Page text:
Power, like authority, is a means of favorably affecting another’s behavior, but by might not right. Those who possess and exercise power use force to impose their will. But the essence of authority is not power, although authority and power are normally found together. Even widely acclaimed rulers cannot rule by authority alone.

They must, horn time to time, coerce. If, however, the coercion is widespread, Indiscriminate, and regular, and there is much resentment against its use, it means there is a loss of authority, a phrase which underlines the key distinction suggesting a heavy reliance on power to be a sign that authority is on the wane.

Mrs. Indira Gandhi’s authority waned after 1973. This swing could be attributed to diverse factors coupled with Jayaprakash Narayan’s movement in Bihar for her removal from India’s office’s prime minister. To legitimize her authority, she proclaimed, without the approval of her cabinet, a state of internal emergency; what the emergency wrought is a matter of history. The Congress (I), the party she headed, was dislodged from power in the parliamentary elections in January 1977.

Mrs. Gandhi was also defeated in her own constituency, which she had nursed so fondly for about a decade. Despite the unbounded power that President Ershad had commanded and exercised for nearly nine years over Bangladesh, his authority totally collapsed. He had to demit his office on the unrelenting demand of the combined Opposition and the Army Commanders’ refusal to support his authority any longer.

Authority and power may pass gradually or dramatically from one individual or group to another and be either dispersed or concentrated. There is an alteration in government and the periodic elections in the parliamentary and presidential patterns of government, after regularly specified intervals. The right to govern flows from the electorate. This is a gradual and constitutional process of transferring power from one -group or individual to another.

The dramatic change may occur under unusual circumstances, as in General Zia-ul-Haq’s coup in Pakistan and General Ershad’s in Bangladesh. But it was the people’s power that swept Mrs. Corazon Aquino to the Philippines’ helm, replacing President Ferdinand Marcos’s dictatorial rule in February 1986.

The change of government in France in 1958 came about abruptly with a marked element of melodrama at the final stage, which brought General De Gaulle to power, ushering the era of the Fifth Republic. After the Watergate scandal, the authority of the United States President, Richard Nixon, was completely eclipsed.

The credibility of the Republican Government became suspect in the international community, and Nixon resigned from his office.

In a society like the United States of America where there is a separation between the executive and legislative branches and levels of government, and where individuals and groups technically outside of government are acknowledged to have the right and might to participate in policy-making, there is a diffusion of authority and power. In the USSR, by contrast, both authority and power were, before Perestrokia, concentrated.

Technically, authority and power are concentrated in the Cabinet in the Parliamentary system of government. The Cabinet is a wheel within a wheel. Its outside ring consists of a party with a majority in the representative chamber, the next ring being the Ministry, which contains men who are most active within the party and the smallest of all being the Cabinet, containing the real leaders or chiefs.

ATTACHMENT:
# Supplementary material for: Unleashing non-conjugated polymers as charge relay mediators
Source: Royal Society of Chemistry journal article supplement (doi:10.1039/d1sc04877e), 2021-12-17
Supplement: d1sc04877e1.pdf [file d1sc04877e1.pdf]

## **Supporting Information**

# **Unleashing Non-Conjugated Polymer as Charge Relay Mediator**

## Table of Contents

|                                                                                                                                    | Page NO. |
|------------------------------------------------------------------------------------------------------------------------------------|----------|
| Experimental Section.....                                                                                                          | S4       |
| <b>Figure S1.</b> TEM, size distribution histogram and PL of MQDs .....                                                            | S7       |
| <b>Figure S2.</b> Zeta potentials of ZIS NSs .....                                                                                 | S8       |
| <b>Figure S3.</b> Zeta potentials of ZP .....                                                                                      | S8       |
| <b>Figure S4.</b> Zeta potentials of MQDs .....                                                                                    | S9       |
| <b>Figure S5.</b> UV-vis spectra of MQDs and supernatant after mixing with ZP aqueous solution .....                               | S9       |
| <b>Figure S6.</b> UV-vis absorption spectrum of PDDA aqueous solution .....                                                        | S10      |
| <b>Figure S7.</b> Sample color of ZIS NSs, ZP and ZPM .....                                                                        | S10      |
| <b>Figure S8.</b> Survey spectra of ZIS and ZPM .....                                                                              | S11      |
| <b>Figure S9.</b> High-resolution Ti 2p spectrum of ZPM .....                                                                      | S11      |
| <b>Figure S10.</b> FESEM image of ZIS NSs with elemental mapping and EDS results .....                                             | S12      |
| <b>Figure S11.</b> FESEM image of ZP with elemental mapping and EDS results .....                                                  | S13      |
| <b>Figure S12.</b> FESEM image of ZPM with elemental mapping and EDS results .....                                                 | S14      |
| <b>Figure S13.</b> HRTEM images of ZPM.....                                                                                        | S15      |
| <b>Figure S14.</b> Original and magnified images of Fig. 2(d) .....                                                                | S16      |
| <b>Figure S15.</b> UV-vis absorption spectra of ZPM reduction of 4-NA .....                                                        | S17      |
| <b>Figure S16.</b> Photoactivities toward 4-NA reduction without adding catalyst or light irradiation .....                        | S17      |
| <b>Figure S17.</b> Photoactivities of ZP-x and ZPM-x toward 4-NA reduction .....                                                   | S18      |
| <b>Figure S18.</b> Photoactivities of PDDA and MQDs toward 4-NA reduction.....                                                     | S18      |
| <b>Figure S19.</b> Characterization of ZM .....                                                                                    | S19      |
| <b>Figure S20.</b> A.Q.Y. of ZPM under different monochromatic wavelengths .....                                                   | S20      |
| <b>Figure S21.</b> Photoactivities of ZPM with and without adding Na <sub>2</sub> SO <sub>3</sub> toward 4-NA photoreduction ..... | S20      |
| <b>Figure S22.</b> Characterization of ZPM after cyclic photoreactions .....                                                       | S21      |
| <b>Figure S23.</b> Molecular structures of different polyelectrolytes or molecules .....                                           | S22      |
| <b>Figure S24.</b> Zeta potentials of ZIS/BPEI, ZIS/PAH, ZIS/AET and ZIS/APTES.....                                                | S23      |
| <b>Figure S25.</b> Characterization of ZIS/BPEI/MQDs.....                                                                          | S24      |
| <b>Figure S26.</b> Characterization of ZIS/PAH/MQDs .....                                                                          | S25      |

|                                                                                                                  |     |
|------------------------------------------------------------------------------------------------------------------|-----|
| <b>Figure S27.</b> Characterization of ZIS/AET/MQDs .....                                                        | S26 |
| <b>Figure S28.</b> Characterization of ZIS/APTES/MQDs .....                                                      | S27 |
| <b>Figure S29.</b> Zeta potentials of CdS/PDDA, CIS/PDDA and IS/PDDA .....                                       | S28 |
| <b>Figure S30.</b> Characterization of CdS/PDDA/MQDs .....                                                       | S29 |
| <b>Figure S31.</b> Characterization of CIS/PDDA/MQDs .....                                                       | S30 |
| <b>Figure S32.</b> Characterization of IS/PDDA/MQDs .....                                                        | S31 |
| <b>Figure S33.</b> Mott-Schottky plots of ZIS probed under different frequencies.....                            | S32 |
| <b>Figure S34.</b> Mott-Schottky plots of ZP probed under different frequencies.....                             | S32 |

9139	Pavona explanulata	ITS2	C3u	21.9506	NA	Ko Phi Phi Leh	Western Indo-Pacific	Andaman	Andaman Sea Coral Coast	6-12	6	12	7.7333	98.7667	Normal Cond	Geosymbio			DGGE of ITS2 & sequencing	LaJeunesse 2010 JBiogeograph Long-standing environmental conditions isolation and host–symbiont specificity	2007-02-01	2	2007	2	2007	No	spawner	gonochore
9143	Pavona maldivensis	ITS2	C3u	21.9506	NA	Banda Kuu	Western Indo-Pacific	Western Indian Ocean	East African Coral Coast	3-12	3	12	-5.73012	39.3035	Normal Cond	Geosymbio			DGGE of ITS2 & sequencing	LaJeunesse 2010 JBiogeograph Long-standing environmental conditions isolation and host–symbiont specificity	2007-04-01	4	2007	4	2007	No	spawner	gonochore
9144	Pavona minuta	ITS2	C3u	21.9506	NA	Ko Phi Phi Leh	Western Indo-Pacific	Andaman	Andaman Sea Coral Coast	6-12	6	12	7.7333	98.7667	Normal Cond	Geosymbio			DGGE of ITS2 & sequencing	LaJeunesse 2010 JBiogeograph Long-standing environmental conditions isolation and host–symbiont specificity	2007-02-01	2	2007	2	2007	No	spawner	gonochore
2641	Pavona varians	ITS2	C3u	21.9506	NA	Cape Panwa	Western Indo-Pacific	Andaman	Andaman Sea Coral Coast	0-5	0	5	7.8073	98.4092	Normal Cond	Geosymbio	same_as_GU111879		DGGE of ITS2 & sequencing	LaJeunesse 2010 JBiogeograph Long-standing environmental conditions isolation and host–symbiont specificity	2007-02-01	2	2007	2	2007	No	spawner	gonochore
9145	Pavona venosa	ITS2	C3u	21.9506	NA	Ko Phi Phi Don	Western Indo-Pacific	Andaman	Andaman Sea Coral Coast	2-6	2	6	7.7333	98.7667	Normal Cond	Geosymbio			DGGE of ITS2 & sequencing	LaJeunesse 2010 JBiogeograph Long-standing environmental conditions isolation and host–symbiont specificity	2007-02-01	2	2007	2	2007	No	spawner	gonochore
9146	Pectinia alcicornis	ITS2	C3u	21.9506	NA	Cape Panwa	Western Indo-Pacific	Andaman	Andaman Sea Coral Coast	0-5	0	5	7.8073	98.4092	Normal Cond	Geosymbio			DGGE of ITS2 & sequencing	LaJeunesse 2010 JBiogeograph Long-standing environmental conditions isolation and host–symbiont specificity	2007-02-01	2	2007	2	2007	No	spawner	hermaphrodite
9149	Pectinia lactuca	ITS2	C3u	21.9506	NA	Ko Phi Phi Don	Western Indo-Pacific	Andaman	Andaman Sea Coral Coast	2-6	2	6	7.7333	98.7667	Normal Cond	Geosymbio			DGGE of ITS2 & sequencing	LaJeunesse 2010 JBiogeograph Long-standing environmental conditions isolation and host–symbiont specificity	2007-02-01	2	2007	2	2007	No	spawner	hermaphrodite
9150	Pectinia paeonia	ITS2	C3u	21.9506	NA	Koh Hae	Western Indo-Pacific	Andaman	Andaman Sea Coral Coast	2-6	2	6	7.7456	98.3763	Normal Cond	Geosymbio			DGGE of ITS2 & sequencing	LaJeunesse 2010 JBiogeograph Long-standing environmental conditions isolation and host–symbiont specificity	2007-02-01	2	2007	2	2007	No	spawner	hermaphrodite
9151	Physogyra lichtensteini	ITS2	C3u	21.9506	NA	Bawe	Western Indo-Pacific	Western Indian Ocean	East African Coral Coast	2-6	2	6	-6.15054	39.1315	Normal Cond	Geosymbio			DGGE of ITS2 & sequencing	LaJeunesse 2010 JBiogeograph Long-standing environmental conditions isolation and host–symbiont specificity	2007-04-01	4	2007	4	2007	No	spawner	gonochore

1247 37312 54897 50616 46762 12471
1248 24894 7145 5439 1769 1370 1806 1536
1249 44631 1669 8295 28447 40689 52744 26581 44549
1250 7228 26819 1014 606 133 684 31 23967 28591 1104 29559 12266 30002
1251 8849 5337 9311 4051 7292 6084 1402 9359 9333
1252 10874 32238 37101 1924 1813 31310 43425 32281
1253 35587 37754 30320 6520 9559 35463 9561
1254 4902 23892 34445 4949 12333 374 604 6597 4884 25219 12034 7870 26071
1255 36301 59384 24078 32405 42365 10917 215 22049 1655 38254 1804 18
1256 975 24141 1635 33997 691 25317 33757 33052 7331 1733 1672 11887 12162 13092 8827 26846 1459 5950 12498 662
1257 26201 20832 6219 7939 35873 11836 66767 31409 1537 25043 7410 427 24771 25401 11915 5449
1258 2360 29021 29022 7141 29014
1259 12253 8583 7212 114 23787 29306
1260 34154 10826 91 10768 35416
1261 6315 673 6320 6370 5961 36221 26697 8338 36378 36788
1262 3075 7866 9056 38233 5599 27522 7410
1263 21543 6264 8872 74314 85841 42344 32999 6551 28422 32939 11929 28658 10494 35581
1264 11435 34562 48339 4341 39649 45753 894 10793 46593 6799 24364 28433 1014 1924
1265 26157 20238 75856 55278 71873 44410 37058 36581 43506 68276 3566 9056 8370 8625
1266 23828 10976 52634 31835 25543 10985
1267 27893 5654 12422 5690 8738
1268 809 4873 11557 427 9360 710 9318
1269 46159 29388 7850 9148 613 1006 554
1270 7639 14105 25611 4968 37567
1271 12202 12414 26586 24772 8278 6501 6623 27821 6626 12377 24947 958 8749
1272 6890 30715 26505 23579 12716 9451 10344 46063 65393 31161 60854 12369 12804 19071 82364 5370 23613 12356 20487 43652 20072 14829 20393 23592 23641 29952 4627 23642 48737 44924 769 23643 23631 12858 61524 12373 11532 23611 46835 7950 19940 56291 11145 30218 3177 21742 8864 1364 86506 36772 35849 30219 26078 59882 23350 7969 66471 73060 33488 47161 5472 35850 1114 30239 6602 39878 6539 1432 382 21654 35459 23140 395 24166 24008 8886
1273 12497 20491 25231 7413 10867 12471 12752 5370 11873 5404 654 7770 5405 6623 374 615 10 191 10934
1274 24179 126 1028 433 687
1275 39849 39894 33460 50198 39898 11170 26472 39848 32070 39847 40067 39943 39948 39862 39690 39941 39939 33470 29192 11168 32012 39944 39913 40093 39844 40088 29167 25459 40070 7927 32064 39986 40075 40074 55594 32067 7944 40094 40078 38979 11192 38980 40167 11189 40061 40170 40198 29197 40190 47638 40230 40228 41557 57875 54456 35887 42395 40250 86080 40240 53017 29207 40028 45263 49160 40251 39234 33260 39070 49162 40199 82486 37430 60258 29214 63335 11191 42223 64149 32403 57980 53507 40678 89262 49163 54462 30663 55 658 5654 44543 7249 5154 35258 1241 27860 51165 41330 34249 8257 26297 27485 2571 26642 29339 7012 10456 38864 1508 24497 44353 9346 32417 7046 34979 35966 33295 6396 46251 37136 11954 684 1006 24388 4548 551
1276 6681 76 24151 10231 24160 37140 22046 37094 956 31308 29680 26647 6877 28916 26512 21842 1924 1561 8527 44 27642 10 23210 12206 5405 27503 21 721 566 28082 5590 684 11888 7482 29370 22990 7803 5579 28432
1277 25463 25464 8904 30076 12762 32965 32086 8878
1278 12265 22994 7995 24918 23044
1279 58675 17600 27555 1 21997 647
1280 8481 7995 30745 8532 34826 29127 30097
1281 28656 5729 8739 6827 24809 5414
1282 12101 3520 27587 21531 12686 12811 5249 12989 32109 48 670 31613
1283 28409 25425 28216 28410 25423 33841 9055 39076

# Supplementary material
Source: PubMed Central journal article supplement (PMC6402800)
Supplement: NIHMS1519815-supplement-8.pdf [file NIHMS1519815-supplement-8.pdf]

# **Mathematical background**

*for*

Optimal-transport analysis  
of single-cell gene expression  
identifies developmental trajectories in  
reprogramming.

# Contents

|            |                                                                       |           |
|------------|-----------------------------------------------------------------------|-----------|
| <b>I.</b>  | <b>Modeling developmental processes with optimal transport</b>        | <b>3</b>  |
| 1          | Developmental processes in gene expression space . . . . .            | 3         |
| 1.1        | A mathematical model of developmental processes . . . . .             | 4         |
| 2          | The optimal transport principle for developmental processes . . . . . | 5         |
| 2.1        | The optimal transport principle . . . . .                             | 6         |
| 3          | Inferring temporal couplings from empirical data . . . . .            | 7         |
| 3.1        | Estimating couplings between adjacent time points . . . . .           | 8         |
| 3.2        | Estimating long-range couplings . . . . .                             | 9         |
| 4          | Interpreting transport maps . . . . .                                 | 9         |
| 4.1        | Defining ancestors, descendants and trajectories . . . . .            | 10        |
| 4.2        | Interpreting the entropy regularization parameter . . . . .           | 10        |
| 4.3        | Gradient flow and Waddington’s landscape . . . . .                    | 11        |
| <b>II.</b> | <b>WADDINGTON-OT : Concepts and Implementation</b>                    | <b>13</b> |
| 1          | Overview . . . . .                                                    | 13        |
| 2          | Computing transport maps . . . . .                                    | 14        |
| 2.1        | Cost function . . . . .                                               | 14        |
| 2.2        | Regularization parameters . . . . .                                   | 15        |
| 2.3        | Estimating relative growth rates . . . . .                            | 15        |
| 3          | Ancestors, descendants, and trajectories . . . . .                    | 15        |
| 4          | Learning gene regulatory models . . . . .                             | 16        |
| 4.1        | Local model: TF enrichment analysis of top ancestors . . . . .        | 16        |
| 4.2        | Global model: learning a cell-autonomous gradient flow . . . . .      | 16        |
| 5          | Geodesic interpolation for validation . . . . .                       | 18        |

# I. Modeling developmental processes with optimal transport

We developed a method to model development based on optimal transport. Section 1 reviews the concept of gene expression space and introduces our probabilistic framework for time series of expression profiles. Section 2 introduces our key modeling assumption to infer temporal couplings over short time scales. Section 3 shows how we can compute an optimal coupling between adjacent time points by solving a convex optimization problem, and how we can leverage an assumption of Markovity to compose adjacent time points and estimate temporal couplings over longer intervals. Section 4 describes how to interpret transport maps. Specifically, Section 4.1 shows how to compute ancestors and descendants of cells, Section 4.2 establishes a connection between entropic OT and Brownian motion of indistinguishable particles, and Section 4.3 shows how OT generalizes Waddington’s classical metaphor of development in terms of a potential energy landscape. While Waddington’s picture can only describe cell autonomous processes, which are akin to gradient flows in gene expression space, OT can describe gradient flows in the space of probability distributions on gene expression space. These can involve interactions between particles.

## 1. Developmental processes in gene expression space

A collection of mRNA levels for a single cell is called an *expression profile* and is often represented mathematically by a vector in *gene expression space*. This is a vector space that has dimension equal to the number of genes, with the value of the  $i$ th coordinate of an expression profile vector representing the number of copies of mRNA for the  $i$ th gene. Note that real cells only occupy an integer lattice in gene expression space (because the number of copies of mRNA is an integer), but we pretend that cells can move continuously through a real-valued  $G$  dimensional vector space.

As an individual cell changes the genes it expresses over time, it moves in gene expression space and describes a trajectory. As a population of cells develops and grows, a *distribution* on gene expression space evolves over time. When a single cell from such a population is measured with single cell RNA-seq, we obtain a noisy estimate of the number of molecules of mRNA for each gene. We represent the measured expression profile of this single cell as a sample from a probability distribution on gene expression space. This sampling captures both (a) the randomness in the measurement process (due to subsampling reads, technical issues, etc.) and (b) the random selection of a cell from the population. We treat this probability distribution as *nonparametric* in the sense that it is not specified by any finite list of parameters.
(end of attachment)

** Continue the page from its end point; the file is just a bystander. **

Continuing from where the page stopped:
By this means is secured that unity of party action which depends upon placing the directing power in the hands of a body small enough to agree and influential enough to control The Cabinet, in brief, is the driving and the steering force.

The exercise of power may involve the allocation of rewards or the dispensation of penalties, or both. These may include the granting or withholding of direct or indirect financial benefits, such as income tax rebates or preferential higher education, and also a less obvious material benefit such as a symbol of rank or status, for example, a knighthood.

Such rewards and penalties are often sufficient for the purpose without recourse to coercion, such as imprisonment or death. In this context, Herbert Goldhammer and Edwards Shill define power as the ability to influence others’ behavior following their own ends.

Our conclusion is now obvious. Wherever we find politics, we discover conflict and how human beings cope with conflict. Indeed, when human beings live together in associations, anti-creating rules, authorities, or governments to deal with these conflicts, the very attempts to rule also help generate conflicts.

Which comes first, power or conflict, need not detain us. We found both conflict and power wherever human beings live together. This phenomenon exists everywhere. Therefore, politics is everywhere, But not all associations have equal powers. The State is the association that has the greatest power within a particular territory. Contemporary political scientists discard the use of the term State. However, practical politics still recognize this universal entity to lay down the framework within which all other power exercises must function.

The State gives the directions, and it also enforces them, if necessary, by employing armed forces. The State is the only association within the national frontiers that can use its aimed forces to compel obedience to its orders. How essential that control is to the State effective power is one of the clearest lessons of history.

This definition of the State in terms of power may be formally satisfactory, in that it explains where power resides while it is unchallenged. It explains the nature of the relationship between government and the governed as long as the latter do in actual fact approve of, on acquiesce in, the former’s decisions. Still, it does not tell us what causes subjects to decide to cease to accept the rule of one government ahead to replace it with another.

Governments change, sometimes peacefully, sometimes as a result of the revolution. When that happens, the new government is supreme, as was its predecessor, but something of importance to the citizens has happened. The new government’s power may be used for quite different ends from those the previous government pursued. Therefore, a definition in terms of power is unsatisfactory m that it does not tell us something about the ends.